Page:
Essential Conan Vol. 1

Essential Conan Vol. 1

Essential Conan Vol. 1

First Published: July 2000

Contents: Conan the Barbarian #1 (October 1970) to #25 (April 1973)

Key Creator Credits: Robert E. Howard, Roy Thomas, Barry Windsor-Smith, and others

Key First Appearances: Conan the Barbarian, Fafnir Hellhand, Thoth-Amon, Kulan Gath, Elric, Red Sonja

Overview: Meet Conan, a sword-for-hire from the land of Cimmeria. He wanders the southern lands looking for the next job or quest, which will pay him gold, which he uses to pay for alcohol and women. When times are tough, Conan is not against resorting to thievery to survive. But given his skills with a sword, he vary rarely is looking for work – the work comes to him.

Most of these stories are based off of Conan-creator Robert E. Howard’s original tales from the 1930s, and are adapted by Roy Thomas. The art duties were given to a relatively young artist, Barry Smith, who shot to fame based on this work. After two years on the title, Smith left the book, with the art being handed off to John Buscema. Smith would take a break from comics, trying to put himself into the fine art world. (It was at this point that he added Windsor to his name.) Windsor-Smith would eventually return to comics in the 1980s.

In the issues collected in this volume, there are two additional characters that stand out to me from their initial debut:

  • Kulan Gath was a magician who crossed paths with Conan. Because he was created by Marvel, and did not come from the work of Robert E. Howard, Kulan Gath was incorporated into the Marvel Universe. I first encountered Kulan Gath when he battled Spider-Man and the X-Men in Uncanny X-Men #189 to #191, which can be found in Essential X-Men Vol. 5.
  • Red Sonja was created based off of a Howard character, Red Sonya. Red Sonja quickly became the female counterpart to Conan, one who could stand on her own against the Barbarian. Red Sonja would later move into her own title, and eventually even be featured in a movie. While the Conan rights are currently held by Dark Horse Comics, the Red Sonja rights are held by Dynamite Entertainment. (And to make things even more confusing, a version of Kulan Gath has appeared in the current Red Sonja title.)

What makes this Essential?: OK, full disclosure, I am not a big fan of the sword & sorcery stories. Never. I remember a next door neighbor of mine growing up was a huge fan of the Conan comics and the Elric novels by Michael Moorcock. Steve was always trying to get me to read them, but I would politely decline and ask if I could read some more of his Iron Man and Avengers issues. Maybe I should have tried them back then, or maybe I was better off sticking to what I knew and liked then. Reading through this very-hard-to-find Essential (check out the Dark Horse Comics Chronicles of Conan reprint books if you can’t track down this Marvel book!), I enjoyed the art from Barry Smith, as he went by in those days. I know that a lot of these stories came over from the Marvel black & white magazines of the time (edited to hide the nudity, naturally), so their inclusion in the Essential series makes them look spectacular. I haven’t read the original stories from Robert E. Howard which Roy Thomas used quite faithfully to develop this book, but it’s my understanding he did well with the adaption. I think what makes this “Essential” is that the comic book look of Conan came to be the definitive look of the character going forward. Prior to the comics, the cover images from Howard’s Conan collection show a more fully clothed man holding a sword with short hair. The comic book look of Conan helped inspire the movie franchise of the 1980s. Anyway, this is worth reading for a Conan fan, and from a historical perspective. But for me, I would rather get back to reading about heroes in capes.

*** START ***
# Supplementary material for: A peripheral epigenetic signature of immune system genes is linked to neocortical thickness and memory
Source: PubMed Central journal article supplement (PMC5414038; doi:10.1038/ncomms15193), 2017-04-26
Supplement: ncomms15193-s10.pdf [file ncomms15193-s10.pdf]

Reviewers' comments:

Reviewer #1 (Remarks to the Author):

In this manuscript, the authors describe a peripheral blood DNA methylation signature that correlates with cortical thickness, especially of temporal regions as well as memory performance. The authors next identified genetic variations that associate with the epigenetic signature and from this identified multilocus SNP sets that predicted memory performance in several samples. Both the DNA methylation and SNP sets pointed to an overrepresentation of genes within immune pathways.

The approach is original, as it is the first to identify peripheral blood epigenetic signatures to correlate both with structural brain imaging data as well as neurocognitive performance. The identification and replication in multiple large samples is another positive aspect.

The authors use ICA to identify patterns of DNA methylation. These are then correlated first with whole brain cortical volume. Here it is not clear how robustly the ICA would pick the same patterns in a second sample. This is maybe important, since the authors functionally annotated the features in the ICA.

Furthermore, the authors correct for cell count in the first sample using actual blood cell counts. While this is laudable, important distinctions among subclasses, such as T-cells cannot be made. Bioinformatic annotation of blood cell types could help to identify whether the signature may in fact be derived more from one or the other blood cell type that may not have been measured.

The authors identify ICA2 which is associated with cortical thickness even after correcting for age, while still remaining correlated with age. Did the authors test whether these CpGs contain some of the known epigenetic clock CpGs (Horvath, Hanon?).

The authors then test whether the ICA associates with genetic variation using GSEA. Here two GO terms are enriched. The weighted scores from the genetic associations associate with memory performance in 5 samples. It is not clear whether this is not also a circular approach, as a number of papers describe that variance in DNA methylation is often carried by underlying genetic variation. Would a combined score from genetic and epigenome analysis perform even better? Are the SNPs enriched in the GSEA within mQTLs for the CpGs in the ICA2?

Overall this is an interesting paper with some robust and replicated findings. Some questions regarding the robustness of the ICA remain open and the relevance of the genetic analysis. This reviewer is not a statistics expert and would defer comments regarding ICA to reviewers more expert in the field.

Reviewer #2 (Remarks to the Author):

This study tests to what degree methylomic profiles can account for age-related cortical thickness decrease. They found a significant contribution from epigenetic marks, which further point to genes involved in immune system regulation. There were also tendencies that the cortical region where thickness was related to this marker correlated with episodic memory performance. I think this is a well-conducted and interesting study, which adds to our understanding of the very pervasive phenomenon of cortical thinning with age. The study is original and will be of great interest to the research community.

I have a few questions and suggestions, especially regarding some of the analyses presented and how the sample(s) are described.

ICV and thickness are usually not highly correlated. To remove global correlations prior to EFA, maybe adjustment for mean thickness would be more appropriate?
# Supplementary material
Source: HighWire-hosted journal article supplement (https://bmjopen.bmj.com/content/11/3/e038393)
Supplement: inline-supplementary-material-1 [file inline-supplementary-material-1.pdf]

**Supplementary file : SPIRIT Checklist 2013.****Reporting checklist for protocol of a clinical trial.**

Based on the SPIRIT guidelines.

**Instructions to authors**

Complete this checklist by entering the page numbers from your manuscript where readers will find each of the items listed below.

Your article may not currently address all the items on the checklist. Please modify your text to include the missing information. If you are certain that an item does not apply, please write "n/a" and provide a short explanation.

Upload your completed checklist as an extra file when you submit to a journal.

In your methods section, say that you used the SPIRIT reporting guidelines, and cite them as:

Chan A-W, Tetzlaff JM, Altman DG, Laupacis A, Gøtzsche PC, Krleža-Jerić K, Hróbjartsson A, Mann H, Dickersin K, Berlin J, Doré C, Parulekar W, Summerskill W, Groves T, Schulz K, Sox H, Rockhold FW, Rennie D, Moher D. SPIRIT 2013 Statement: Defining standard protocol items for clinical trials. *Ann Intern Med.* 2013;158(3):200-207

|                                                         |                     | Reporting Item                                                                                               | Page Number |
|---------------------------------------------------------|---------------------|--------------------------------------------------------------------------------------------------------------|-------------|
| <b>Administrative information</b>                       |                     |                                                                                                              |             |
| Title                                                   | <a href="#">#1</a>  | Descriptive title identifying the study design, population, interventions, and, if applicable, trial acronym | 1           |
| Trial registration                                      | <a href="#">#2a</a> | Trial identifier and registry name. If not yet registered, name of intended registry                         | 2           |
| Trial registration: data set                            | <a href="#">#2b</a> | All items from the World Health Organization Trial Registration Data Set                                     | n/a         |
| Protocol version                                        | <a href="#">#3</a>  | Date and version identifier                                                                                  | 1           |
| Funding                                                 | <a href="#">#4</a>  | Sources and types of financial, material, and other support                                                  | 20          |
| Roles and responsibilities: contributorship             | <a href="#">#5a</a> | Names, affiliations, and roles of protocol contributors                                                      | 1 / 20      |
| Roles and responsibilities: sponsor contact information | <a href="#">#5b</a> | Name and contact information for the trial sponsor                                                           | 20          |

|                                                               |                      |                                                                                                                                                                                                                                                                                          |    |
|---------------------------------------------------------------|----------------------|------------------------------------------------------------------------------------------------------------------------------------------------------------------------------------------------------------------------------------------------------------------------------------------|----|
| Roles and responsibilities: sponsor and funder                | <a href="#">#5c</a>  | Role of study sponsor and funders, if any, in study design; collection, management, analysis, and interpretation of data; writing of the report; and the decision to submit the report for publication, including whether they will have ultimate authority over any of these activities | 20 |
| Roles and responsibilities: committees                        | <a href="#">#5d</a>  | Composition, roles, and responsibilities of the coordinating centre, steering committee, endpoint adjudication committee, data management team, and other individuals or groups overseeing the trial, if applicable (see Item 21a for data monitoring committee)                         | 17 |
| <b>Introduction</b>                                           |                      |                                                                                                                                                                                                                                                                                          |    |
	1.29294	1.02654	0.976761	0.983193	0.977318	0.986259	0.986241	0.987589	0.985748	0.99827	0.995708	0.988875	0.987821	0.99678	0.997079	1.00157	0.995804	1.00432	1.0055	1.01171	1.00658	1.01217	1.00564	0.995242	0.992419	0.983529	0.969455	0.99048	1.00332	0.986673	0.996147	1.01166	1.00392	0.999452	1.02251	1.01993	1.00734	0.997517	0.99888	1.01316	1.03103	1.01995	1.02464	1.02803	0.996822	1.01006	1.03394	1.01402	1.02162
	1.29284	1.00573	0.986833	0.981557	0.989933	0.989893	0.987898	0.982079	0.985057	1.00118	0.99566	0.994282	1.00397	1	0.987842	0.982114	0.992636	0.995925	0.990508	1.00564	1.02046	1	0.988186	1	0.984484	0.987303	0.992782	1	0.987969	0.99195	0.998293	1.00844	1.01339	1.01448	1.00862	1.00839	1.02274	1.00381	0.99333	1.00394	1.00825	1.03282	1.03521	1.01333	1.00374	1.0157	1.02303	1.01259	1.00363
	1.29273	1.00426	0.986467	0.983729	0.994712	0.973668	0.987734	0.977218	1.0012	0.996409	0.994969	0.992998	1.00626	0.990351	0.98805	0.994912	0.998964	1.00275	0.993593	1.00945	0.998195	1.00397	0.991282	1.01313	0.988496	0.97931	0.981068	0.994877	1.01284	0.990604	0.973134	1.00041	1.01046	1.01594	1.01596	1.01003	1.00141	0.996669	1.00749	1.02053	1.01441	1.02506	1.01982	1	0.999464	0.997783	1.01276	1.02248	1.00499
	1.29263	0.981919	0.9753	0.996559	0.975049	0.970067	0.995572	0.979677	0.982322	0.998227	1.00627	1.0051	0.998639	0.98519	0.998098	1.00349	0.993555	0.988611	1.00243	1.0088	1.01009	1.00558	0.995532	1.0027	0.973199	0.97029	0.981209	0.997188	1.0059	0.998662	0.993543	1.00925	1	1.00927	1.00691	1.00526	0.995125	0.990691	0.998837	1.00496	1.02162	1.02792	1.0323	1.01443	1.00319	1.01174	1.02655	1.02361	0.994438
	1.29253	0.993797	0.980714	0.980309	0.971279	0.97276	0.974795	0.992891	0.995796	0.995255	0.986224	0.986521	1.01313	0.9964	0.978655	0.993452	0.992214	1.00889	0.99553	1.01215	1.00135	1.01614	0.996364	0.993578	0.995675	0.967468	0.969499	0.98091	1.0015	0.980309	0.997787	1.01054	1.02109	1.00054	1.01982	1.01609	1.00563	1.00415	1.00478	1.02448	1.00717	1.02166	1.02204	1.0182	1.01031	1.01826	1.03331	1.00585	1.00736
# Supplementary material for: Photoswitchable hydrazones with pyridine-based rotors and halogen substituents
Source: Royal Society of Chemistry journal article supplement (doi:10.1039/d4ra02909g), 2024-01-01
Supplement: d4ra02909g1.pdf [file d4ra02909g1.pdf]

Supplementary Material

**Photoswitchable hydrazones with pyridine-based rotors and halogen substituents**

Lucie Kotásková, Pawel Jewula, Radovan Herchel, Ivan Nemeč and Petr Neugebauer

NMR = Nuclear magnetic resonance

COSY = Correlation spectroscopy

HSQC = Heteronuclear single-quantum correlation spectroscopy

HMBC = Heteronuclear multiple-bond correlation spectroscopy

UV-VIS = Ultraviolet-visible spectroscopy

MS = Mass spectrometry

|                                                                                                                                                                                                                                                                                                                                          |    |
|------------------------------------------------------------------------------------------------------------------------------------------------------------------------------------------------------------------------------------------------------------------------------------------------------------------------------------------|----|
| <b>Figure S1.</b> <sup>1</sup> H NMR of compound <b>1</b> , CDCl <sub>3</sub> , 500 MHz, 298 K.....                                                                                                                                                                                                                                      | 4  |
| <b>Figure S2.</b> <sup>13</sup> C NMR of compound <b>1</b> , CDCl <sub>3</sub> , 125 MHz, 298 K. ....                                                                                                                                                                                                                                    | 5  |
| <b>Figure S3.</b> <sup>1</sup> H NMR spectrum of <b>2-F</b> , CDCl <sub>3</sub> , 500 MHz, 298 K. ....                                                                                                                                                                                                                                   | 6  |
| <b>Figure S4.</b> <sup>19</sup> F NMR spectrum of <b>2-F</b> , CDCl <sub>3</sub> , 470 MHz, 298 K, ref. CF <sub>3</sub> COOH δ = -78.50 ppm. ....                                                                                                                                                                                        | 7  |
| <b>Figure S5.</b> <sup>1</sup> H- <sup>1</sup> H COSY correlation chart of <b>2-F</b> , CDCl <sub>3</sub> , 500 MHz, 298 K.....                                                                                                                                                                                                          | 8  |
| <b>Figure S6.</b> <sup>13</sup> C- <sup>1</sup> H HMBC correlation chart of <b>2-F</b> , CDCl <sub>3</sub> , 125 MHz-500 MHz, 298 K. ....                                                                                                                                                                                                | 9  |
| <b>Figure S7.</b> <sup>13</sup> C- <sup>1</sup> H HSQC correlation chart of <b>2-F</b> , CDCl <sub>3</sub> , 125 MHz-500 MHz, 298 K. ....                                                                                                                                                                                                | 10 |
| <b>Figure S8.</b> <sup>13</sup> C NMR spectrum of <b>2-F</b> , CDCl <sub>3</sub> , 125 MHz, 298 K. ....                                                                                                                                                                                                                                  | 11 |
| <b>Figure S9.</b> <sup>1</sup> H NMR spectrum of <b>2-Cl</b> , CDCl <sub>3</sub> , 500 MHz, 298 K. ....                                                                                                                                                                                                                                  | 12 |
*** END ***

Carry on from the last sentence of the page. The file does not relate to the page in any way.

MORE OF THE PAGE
Footnotes: Conan the Barbarian #22 is a reprint of Conan the Barbarian #1. The cover to issue #22 is included in this volume.

If you like this volume, try: the 2013 Red Sonja series from Dynamite Entertainment. I recommend this solely on the basis that Gail Simone is writing it. A lot of people will say that Simone is the best female writer in comics. Other people will say that Simone is the best writer of female characters in comics. Personally, I say Simone is one of the best writers period. Do not define her by her gender. No one cites Kurt Busiek as one of the best male writers in comics, or recognizes Chris Claremont as one of the best writers of male characters in comics. Anyway, back to Red Sonja. This is a fun, adventurous romp featuring the early adventures of the She-Devil with a Sword. If you are a fan of good comics, you need to be reading this title.

Showcase Presents Hawkman Vol. 2

Showcase Presents Hawkman Vol. 2

Showcase Presents Hawkman Vol. 2

First Published: August 2008

Contents: Hawkman #12 (February-March 1966) to #27 (August-September 1968); The Brave and the Bold #70 (February-March 1967); The Atom #31 (June-July 1967); and The Atom and Hawkman #39 (October-November 1968) to #45 (October-November 1969)

Key Creator Credits: Gardner Fox, Murphy Anderson, Dick Dillin, Bob Haney, Joe Kubert, Robert Kanigher, and others

Key First Appearances: Lion-Mane

Story Continues From: Showcase Presents Hawkman Vol. 1 and Showcase Presents The Atom Vol. 2